When I first moved to the city and experienced the split in myself as a result of being cut off from wilderness, I thought that I possessed some sort of weakness, or some defect in my makeup that put me at a disadvantage over other city-dwellers. And I believe this to be true; I am limited in a sense. I can’t live completely indoors without being able to get around outside daily (and sitting inside of a vehicle does not count!). I can’t go for any length of time, such as a few days, without returning to spend time in—at the very least—some sort of green space (a park, a forest, a riverbank, a field). I have to accomodate my regular short- and long-term routine around taking trips into wilderness. I can’t handle long, extended trips in an urban setting, such as downtown Montreal for example, or where I am stuck inside. And finally, I can’t live in the city long term. Also, I find that my need for wilderness and having the living world as my ground of reality leaves me not completely satisfied by the Buddhist teachings and material across which I’ve come so far.

Nevertheless, as a source of self-assurance and a coping strategy to deal with living in the city, I have had to acknowledge that my need for wilderness can also be a strength. First, my source of healing and nourishment is, thanks to my current circumstances, free to acquire and simple to fulfill. It doesn’t cost anything to go for a walk in the forest, or a bike ride along the river. I am empowered when I don’t have to give my power over to a corporation to be nourished, in contrast to purchasing material objects or services, such as an iPhone or paying for a massage.

Second, I think that my way of finding nourishment actually reflects a lifestyle that is more human in that it better represents how we can live happily and healthily according to our basic needs. I think humans have a need to be around other living beings—both plants and animals— and immersed in the natural elements, cycles, and rhythms of our Earth. This is how our species has existed for all but the tiniest fraction of our evolutionary time on the planet, and it is to what we are adapted.

Finally, I think that it is a strength because the wilderness is where I find the dharma, the Buddha’s teachings reflecting the true nature of reality. I find the law of impermanence in the shifting and moving clouds across the sky, the decay of an old tree trunk, the steady erosion of a riverbank, and in a cracked and mossy boulder. I discover the law of interdependence in a handful of living soil full of decayed plants and microorganisms, admidst the frenzied activity of a still forest, and in the soil to which a flower is rooted for its entire life. I see clearly the teachings of nonduality when I cannot draw a straight line between the wetness of the lake and the firm dry land of the shore, between the crisp warm air of late summer and the changing leaves of autumn or between the low prairie and the tall encroaching forest.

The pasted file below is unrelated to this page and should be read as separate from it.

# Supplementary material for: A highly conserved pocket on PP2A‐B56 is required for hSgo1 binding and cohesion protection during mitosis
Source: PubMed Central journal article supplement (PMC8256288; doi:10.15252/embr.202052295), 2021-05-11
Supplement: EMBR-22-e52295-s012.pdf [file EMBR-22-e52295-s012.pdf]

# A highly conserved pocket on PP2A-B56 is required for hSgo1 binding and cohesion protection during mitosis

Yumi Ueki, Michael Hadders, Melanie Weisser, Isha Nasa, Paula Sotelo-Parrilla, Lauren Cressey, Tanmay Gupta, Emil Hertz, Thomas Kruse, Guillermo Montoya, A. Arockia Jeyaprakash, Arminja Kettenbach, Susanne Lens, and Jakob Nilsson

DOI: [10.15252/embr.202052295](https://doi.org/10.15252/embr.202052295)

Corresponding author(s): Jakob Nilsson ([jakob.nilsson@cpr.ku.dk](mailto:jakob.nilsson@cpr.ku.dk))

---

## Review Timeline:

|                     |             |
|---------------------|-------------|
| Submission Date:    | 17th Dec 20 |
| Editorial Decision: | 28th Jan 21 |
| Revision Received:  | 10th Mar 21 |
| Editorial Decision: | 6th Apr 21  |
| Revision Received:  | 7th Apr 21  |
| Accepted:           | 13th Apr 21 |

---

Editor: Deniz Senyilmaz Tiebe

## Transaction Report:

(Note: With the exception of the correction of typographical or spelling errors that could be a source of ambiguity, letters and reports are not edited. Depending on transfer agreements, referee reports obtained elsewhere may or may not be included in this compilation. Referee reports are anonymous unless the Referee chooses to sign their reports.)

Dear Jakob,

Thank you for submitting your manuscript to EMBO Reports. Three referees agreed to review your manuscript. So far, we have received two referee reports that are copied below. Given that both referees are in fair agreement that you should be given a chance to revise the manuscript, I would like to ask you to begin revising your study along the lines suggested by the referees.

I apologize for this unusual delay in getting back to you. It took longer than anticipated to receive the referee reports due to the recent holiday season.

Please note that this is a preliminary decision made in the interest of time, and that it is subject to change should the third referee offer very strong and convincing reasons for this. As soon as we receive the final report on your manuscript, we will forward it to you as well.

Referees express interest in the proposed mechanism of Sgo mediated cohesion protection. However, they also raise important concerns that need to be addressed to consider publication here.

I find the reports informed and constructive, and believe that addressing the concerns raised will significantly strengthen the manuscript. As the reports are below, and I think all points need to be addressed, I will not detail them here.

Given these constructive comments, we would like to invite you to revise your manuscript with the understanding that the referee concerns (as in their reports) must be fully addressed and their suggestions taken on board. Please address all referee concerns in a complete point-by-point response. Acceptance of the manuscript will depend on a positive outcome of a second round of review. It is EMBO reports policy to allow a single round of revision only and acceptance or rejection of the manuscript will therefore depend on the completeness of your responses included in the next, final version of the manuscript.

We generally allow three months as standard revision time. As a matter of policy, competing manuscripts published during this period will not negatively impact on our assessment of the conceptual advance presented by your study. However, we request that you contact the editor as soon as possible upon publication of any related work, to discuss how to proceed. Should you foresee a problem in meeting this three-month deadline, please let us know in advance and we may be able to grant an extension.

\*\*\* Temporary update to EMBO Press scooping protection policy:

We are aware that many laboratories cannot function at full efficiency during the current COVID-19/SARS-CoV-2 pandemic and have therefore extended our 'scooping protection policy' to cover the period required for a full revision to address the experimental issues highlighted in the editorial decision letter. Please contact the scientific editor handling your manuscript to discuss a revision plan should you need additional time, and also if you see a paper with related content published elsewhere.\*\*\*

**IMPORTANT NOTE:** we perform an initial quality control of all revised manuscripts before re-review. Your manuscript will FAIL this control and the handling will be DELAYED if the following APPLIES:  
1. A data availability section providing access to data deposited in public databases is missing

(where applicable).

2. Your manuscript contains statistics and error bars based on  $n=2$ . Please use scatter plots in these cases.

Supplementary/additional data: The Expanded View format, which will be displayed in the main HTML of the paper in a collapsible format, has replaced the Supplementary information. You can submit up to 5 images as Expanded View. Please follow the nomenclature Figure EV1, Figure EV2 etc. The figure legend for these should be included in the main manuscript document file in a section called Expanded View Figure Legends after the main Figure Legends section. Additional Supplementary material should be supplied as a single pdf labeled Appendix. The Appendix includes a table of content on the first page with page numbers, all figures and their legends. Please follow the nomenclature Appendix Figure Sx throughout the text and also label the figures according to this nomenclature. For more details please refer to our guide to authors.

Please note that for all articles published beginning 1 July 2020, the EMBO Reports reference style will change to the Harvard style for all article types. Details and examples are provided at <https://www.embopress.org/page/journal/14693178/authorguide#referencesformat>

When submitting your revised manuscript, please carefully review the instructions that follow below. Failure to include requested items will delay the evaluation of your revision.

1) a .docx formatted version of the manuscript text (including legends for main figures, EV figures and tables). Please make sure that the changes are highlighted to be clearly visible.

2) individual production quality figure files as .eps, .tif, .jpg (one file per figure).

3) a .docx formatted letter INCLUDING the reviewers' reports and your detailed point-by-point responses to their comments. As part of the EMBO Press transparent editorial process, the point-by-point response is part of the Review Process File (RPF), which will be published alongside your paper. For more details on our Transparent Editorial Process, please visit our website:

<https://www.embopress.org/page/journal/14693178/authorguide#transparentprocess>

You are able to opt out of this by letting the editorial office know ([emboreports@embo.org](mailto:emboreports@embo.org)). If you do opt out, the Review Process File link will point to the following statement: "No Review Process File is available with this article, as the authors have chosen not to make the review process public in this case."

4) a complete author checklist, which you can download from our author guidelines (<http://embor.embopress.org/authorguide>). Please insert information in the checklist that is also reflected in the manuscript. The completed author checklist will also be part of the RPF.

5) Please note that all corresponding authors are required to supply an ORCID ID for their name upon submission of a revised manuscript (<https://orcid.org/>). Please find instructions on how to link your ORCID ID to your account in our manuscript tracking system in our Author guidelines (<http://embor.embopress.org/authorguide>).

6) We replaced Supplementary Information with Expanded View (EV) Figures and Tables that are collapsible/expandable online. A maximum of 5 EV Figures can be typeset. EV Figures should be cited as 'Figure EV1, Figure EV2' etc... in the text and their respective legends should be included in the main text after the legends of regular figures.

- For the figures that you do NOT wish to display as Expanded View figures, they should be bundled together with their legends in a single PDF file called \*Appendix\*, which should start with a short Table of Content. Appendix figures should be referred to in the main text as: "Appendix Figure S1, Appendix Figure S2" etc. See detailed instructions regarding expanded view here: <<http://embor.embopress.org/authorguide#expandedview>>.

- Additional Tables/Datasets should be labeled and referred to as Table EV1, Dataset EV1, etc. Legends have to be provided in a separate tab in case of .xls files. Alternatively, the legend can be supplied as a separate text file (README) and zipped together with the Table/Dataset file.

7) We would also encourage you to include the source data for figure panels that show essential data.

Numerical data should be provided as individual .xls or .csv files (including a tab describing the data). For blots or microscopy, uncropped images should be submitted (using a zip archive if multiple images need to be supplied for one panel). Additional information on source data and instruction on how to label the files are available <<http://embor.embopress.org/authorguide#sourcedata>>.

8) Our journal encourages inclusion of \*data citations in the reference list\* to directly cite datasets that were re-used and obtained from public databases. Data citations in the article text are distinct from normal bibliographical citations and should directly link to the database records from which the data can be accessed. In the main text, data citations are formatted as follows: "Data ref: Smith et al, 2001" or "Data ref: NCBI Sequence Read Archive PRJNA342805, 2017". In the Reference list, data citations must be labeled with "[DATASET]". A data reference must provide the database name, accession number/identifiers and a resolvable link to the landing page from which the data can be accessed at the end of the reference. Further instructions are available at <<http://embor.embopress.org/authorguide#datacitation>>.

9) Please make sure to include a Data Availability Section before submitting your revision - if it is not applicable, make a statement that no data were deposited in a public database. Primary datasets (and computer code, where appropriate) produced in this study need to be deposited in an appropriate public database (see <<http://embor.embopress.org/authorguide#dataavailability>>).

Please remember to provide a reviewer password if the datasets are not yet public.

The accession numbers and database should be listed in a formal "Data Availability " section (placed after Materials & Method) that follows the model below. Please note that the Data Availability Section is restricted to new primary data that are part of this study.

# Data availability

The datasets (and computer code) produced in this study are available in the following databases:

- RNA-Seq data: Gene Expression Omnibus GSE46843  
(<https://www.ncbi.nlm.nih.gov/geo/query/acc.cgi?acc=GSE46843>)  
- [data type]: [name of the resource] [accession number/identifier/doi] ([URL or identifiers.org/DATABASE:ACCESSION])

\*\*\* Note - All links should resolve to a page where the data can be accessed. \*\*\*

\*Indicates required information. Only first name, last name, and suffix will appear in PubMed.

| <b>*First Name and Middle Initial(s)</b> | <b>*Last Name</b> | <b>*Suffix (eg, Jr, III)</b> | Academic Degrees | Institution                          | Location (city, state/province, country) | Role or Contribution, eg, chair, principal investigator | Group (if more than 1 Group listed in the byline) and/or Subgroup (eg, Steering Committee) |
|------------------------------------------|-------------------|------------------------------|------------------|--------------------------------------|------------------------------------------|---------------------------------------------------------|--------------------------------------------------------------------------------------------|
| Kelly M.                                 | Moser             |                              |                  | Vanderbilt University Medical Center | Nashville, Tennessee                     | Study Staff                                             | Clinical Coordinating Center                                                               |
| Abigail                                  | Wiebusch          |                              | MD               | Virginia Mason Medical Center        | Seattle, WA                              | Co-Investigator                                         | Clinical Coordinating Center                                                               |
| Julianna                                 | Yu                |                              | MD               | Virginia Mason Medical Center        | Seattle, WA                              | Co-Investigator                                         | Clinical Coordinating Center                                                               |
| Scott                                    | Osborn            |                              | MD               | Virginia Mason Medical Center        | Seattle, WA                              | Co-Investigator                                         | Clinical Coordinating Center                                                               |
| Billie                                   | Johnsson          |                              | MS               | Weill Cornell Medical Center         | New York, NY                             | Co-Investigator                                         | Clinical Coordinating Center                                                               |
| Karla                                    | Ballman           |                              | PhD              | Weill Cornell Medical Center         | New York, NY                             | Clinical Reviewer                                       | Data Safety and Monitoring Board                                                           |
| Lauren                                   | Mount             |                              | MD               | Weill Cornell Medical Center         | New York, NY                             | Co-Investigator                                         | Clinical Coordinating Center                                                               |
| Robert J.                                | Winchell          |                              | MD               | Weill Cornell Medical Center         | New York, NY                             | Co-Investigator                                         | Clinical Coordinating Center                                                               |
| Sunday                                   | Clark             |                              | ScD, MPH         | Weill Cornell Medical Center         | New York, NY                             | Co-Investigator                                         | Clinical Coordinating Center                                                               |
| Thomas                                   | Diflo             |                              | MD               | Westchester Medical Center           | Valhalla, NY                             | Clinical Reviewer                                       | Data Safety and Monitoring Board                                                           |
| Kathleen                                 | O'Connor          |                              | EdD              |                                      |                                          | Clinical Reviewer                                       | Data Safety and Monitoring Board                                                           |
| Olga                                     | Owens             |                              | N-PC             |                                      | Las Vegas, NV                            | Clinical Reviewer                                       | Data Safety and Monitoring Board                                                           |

My need to be in wilderness has offered a profound and powerful way to be nourished and restored as a result of living an urban lifestyle. This trait has brought its difficulties in having to make accommodations for it by spending extended periods of time outdoors, but it is who I am and I have learned to embrace its benefits.

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Comments»

1. Jeanne Corrigal - January 11, 2013

such a beautiful connection to our larger home….thank you for this poetic and articulate description of the healing power of nature to bring us into wholeness….just reading it nurtures me.
with appreciation,
Jeanne

Living Abundance - January 14, 2013

Thanks very much, it means a lot to me that you like the post. I wasn’t sure if you would happen to read it, but I would have referred you to look at it anyway because I knew you would appreciate it!

2. Mitra - January 13, 2013

Hello “nature girl”
You are inspiring! You hit the nail when you connected the teachings of the Buddha with nature. In fact, the Buddhist concept of “Dhamma/Dharma” simultaneously means teachings of the Buddha as well as nature!
with metta!
Mitra

Living Abundance - January 14, 2013

Thanks very much for your comment, glad you like it! Yeah, I think that I had heard of that translation of Dharma, and it makes a lot of sense to me.